No policy, no breach

Dismissals are always risky, and dismissals for cause should always be approached with caution

No policy, no breach
Stuart Rudner

by Anique Dublin and Stuart Rudner

While perhaps this should go without saying, if an employer is going to fire someone for breaching company policy, it should be sure that the policy it relies on actually exists.

As an example, in a recent decision, the Manitoba Court of Queen’s Bench had to confirm that an employer does not have just cause to dismiss an employee for breaching a policy that had never been reduced to writing.


In Klassen v. Rosenort Cooperative Limited, Barry Klassen was the general manager at Rosenort Cooperative for about 10 years. Klassen was also a member of the board for about 10 years, three of which he was president.

On all accounts, Klassen was very successful in his role as general manager. His performance reviews regularly had comments such as “exceeding expectations” and “exceptional performance going beyond job requirements”. On his last performance review, in April 2016, he was given a rating of 198 out of 200.

In November 2016, the Coop found two emails on Klassen’s computer that he sent to a local business owner. Upon reviewing those emails, the Coop concluded that Klassen had disclosed confidential information and acted in a manner contrary to the best interests of the Coop. 

As a result, the Coop decided to terminate Klassen’s employment for cause, alleging a breach of confidentiality which, according to the Coop, was a major violation of its Employee Policy and Information Manual. 

Consequently, Klassen brought an action for wrongful dismissal and sought general, aggravated and punitive damages. In its defence, the Coop argued that Klassen not only breached its confidentiality policy but also the common law duty of confidentiality, which is an implied term of every employment contract.


In deciding whether the Coop properly terminated Klassen for cause, the court evaluated the nature and extent of the behaviour and all the surrounding circumstances.

As Stuart Rudner discusses in his book, You’re Fired! Just Cause for Dismissal in Canada, case law such as McKinley v BCTEL, 2001 SCC 38 requires a contextual approach to be applied. You do not only consider the misconduct in question but all the relevant circumstances, such as the employee’s age, length of employment, past disciplinary history and any mitigating circumstances.

After considering the above principles, the court concluded that the Coop’s decision to terminate Klassen’s employment was not justified. Firstly, the Coop did not have a written confidentiality policy. As a result, the Coop coard could not agree about what confidentiality policy they were relying on when they terminated Klassen’s employment. As a result, it was hard to compellingly demonstrate a breach of policy.

Secondly, the court held that the information disclosed by Klassen did not meet the common law definition of confidential information.

The factors to consider when assessing whether information is confidential were summarized in the case of Stonetile (Canada) Ltd. v. Castcon Ltd.:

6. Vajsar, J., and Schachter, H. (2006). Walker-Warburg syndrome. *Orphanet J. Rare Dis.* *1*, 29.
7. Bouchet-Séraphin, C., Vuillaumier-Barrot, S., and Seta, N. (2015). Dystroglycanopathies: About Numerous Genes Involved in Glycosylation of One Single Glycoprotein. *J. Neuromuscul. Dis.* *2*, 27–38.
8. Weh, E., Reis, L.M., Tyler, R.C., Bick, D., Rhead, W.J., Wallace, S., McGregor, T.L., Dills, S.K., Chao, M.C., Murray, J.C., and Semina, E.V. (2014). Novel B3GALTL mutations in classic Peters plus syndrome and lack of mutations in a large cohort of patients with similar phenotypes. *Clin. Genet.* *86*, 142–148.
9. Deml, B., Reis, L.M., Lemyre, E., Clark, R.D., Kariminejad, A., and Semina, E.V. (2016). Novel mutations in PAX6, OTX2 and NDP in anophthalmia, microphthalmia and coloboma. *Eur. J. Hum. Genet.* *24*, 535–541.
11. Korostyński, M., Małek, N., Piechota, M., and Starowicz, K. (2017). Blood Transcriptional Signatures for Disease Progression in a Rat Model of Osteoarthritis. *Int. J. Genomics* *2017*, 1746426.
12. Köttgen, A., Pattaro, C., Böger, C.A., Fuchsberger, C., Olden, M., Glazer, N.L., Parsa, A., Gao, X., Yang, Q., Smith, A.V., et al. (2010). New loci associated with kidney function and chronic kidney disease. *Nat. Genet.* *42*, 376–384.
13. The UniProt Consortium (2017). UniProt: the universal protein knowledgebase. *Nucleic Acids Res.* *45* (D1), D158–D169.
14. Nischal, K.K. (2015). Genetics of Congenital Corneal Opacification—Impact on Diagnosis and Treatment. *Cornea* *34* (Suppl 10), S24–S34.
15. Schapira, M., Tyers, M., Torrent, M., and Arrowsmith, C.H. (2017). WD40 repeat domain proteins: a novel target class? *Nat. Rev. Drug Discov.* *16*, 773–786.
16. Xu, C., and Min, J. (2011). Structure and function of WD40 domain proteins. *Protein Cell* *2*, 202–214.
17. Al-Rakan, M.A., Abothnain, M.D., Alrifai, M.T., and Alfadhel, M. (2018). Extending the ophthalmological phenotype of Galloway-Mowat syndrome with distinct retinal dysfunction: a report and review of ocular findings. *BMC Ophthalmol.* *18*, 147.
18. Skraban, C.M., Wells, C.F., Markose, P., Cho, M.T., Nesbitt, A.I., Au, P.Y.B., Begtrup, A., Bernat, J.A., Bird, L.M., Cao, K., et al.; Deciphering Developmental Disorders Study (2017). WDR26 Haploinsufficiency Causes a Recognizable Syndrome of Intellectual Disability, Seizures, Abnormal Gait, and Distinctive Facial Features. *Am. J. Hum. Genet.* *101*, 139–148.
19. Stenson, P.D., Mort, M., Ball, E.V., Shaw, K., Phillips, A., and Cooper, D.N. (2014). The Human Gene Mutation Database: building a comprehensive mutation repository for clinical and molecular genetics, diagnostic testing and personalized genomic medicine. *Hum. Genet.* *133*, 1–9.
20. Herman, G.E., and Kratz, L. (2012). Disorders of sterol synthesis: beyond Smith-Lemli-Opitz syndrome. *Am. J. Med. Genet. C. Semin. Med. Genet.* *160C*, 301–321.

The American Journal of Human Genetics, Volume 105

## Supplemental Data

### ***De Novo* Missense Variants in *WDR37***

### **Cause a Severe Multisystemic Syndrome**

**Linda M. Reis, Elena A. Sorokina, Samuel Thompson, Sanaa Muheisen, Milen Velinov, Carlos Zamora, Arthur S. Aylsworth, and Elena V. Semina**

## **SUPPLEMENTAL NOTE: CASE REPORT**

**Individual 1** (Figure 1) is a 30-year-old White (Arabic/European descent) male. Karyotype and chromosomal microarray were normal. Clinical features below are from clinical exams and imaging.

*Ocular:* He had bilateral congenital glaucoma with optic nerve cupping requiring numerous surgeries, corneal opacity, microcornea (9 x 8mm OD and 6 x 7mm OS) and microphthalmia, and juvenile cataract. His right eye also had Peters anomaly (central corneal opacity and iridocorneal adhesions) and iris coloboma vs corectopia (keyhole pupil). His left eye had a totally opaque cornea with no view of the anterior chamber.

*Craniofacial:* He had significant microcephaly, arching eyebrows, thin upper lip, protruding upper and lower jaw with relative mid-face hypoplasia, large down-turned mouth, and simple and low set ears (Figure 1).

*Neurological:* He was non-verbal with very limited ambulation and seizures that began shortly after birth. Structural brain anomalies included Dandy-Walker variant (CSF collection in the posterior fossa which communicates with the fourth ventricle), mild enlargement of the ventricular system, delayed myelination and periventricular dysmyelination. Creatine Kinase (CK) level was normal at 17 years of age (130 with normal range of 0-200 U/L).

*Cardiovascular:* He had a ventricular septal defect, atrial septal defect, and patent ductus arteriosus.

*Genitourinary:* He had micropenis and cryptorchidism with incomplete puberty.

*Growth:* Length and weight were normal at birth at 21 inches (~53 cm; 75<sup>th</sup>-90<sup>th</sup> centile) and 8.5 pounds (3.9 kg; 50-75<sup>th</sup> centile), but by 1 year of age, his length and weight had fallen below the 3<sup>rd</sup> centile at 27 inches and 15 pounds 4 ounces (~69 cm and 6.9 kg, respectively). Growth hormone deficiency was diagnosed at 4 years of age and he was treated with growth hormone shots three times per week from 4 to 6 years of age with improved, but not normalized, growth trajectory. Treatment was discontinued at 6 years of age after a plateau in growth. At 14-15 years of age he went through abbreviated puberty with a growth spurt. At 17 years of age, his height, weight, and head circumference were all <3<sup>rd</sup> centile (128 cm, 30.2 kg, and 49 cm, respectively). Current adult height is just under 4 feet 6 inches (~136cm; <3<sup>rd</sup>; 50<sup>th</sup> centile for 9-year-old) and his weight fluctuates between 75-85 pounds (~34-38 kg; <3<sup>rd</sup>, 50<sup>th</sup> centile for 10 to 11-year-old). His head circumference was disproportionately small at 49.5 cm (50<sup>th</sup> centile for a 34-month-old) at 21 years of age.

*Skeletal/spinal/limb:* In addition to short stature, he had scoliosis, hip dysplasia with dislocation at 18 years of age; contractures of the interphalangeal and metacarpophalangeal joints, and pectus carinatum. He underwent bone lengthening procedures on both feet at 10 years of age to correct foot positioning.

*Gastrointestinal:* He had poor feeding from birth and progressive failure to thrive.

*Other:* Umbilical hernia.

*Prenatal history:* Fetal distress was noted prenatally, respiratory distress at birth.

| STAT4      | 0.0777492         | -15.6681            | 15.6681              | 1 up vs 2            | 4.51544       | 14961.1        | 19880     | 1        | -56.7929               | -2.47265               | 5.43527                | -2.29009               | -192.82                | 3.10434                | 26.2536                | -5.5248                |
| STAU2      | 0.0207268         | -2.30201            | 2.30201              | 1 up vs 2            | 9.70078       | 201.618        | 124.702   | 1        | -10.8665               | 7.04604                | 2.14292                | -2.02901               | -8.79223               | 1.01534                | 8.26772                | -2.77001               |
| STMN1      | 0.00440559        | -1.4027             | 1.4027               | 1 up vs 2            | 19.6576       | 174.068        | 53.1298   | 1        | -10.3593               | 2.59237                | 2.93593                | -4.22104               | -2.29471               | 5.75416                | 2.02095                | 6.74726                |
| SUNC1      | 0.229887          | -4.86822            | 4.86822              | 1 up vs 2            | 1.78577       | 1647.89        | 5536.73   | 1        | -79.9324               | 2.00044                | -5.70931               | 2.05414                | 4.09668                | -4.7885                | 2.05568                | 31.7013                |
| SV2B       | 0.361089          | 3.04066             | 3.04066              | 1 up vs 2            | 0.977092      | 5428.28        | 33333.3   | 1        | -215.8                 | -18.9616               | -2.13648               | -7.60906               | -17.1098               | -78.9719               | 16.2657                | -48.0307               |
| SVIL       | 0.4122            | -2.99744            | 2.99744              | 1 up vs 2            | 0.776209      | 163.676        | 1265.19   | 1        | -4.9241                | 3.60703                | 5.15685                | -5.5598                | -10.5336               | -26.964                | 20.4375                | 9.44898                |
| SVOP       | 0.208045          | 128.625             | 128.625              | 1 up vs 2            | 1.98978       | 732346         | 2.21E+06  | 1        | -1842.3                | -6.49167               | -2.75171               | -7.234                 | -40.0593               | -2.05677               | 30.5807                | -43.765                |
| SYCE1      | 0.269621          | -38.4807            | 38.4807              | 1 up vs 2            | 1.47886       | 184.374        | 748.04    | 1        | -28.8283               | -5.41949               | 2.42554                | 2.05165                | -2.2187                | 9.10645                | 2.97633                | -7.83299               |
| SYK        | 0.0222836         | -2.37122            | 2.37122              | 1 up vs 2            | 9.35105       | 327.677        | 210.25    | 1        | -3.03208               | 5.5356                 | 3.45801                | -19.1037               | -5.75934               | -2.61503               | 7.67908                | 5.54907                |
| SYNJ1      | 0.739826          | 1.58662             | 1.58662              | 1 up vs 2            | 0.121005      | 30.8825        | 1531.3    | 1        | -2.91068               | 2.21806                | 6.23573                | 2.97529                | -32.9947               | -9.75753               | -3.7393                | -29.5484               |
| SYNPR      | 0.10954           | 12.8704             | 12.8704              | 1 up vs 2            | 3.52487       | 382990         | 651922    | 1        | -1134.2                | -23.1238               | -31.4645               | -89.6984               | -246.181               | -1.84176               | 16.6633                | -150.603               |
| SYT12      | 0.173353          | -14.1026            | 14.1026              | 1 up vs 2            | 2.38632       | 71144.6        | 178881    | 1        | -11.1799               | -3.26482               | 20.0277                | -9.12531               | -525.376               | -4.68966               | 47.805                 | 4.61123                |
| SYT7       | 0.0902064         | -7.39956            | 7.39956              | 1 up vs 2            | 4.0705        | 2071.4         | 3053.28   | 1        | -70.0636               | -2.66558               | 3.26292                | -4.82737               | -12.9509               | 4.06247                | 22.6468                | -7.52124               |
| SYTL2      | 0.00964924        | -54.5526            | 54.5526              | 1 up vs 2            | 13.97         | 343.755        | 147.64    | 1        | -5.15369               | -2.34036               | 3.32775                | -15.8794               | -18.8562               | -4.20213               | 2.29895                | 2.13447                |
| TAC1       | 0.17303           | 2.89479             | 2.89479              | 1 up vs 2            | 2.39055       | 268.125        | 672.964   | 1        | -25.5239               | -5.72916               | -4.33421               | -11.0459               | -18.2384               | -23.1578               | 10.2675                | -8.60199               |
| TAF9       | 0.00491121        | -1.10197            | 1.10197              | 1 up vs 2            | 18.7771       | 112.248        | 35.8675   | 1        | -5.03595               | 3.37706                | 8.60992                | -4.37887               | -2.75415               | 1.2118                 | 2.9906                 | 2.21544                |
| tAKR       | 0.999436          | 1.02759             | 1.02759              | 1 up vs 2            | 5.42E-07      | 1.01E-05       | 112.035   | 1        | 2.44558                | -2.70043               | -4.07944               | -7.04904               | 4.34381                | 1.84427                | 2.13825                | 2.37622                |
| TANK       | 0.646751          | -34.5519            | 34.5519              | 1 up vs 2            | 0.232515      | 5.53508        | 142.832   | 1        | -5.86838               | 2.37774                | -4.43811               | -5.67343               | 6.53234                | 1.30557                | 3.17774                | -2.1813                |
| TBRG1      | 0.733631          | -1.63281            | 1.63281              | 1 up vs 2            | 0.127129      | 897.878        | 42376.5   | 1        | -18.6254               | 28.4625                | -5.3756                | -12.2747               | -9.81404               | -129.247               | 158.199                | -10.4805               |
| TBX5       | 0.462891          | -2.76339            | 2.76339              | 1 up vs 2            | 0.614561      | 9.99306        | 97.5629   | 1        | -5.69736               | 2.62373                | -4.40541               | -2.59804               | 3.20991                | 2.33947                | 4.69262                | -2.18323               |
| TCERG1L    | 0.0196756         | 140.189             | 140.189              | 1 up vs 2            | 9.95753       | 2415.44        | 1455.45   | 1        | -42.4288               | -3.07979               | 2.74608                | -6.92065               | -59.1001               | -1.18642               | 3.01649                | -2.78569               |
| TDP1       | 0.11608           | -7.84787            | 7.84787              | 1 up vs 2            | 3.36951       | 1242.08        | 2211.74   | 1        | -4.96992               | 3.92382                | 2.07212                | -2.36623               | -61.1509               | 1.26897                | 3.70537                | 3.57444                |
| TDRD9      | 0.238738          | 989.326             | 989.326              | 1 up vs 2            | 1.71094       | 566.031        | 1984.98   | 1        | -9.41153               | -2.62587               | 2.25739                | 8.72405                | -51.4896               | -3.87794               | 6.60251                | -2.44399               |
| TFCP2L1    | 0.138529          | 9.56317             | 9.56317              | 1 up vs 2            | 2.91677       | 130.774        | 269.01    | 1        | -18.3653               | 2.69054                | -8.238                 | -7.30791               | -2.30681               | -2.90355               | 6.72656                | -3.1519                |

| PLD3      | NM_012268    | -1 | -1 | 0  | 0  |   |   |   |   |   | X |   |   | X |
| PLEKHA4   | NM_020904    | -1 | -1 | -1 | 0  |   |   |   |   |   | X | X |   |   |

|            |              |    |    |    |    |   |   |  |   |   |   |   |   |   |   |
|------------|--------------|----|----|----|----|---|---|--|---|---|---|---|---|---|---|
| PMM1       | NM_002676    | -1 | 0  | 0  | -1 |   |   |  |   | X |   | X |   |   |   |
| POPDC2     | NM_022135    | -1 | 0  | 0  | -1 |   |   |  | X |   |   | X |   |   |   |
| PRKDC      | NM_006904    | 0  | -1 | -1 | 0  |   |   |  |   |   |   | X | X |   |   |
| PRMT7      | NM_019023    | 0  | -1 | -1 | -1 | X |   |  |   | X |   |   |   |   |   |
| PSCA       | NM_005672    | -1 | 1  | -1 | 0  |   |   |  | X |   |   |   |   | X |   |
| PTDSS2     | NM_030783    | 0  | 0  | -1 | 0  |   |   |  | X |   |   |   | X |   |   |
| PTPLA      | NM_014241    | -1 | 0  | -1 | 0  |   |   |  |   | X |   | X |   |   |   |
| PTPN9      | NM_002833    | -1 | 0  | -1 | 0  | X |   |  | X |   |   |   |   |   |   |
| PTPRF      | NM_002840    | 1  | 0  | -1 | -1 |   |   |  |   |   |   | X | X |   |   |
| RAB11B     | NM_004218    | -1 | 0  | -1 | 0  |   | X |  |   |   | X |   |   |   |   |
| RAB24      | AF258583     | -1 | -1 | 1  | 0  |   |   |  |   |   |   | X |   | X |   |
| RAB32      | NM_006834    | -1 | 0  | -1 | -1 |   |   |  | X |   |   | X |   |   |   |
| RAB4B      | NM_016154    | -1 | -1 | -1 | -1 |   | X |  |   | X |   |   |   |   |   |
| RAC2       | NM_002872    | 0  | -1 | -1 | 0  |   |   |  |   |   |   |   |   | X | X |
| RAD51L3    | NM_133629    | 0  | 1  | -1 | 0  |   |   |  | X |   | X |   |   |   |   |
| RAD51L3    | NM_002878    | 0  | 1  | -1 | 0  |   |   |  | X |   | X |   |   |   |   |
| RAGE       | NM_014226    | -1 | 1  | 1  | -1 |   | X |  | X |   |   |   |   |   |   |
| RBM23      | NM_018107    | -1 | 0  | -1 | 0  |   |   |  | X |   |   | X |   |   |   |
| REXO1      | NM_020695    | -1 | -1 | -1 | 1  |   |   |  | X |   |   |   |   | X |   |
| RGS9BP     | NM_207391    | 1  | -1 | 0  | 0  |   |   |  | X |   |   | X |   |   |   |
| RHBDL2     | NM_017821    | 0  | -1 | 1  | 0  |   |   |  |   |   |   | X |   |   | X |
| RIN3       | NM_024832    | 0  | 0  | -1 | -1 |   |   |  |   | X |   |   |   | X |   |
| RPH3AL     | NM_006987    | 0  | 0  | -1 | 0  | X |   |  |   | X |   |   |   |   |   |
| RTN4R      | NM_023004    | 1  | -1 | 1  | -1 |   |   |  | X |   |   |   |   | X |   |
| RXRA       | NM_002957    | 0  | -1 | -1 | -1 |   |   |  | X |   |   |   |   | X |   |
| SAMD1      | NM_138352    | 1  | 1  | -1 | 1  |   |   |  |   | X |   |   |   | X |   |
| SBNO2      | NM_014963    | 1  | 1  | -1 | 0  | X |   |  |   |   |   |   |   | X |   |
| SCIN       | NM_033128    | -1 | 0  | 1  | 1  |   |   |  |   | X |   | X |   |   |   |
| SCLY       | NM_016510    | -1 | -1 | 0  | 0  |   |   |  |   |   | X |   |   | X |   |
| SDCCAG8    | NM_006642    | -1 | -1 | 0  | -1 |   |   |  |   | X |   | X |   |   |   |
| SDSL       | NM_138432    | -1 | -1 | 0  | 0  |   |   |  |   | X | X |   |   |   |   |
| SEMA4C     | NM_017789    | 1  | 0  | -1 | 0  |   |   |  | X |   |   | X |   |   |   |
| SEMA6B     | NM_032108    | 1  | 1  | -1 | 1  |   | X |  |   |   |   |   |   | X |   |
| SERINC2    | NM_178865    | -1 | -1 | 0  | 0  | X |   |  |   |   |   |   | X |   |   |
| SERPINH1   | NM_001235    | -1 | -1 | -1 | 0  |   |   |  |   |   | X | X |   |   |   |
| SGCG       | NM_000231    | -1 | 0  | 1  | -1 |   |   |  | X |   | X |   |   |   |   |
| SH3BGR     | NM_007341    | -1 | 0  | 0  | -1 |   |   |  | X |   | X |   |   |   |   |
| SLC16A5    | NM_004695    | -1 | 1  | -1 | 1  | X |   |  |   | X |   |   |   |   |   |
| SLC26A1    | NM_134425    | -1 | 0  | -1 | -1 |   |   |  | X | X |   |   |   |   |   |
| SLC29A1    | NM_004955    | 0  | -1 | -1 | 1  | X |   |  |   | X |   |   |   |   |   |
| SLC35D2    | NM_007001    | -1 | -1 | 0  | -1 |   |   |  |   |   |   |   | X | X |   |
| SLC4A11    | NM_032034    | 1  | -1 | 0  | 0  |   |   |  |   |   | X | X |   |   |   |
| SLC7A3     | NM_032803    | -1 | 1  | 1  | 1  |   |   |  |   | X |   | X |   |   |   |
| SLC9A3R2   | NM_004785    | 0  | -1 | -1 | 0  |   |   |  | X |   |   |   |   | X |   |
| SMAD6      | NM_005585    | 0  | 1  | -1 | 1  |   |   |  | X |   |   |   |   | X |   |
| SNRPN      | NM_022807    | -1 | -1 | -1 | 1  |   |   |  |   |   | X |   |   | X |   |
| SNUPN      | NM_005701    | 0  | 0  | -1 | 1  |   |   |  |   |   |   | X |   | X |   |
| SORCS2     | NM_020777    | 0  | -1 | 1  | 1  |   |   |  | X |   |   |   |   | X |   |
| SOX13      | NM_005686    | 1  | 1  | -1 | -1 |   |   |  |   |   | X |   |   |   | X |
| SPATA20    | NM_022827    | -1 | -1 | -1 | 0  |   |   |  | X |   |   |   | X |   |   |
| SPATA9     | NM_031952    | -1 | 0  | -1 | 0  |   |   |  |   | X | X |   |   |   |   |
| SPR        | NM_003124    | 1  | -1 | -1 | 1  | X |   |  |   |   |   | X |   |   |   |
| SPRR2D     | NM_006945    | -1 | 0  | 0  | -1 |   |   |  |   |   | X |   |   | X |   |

• the extent to which the information is known outside the owner’s business
  • the extent to which the information is known by employees and others involved in the owner’s business
  • the extent of measures taken by the owner to guard the secrecy of the information
  • the value of the information to the owner and competitors
  • the amount of money or effort expended by the owner in developing the information
  • the ease or difficulty with which the information could be properly acquired or duplicated by others.

The court concluded that the information Klassen provided to the local business owner fell far short of meeting the legal test for confidential information. It was a list of products available for purchase by the Coop from a third party and it came from the manufacturer. The court also noted that the information was not only provided to this Coop, but to the whole network of 250 co-ops in Western Ontario, without any indication that it was to be kept confidential.

The court held that Klassen’s actions were neither wrong nor contrary to the best interests of the Coop. The court also noted that even if they were, the transgression was so minor that the Coop’s decision to terminate Klassen’s employment would have still been far from proportionate.

Klassen was awarded 10 months’ notice in lieu of termination. The court also awarded him $10,000 for aggravated damages after concluding that the Coop failed to act in good faith when dismissing him and another $8,000 in punitive damages.


This case reinforces the importance of:

  • thorough workplace policies with clearly defined terms
  • ensuring that all employees are aware and properly trained on workplace policies.

It also confirms that in order to prove a breach of policy, there must be a policy in place that was clearly communicated to the employees, and that an employer that fails to investigate or fails to investigate properly before terminating an employee for cause leaves itself exposed to additional damages.

In this case, the court held that the investigation was not conducted objectively and the Coop jumped to conclusions when reacting to the emails.

Dismissals are always risky, and dismissals for cause should always be approached with caution.

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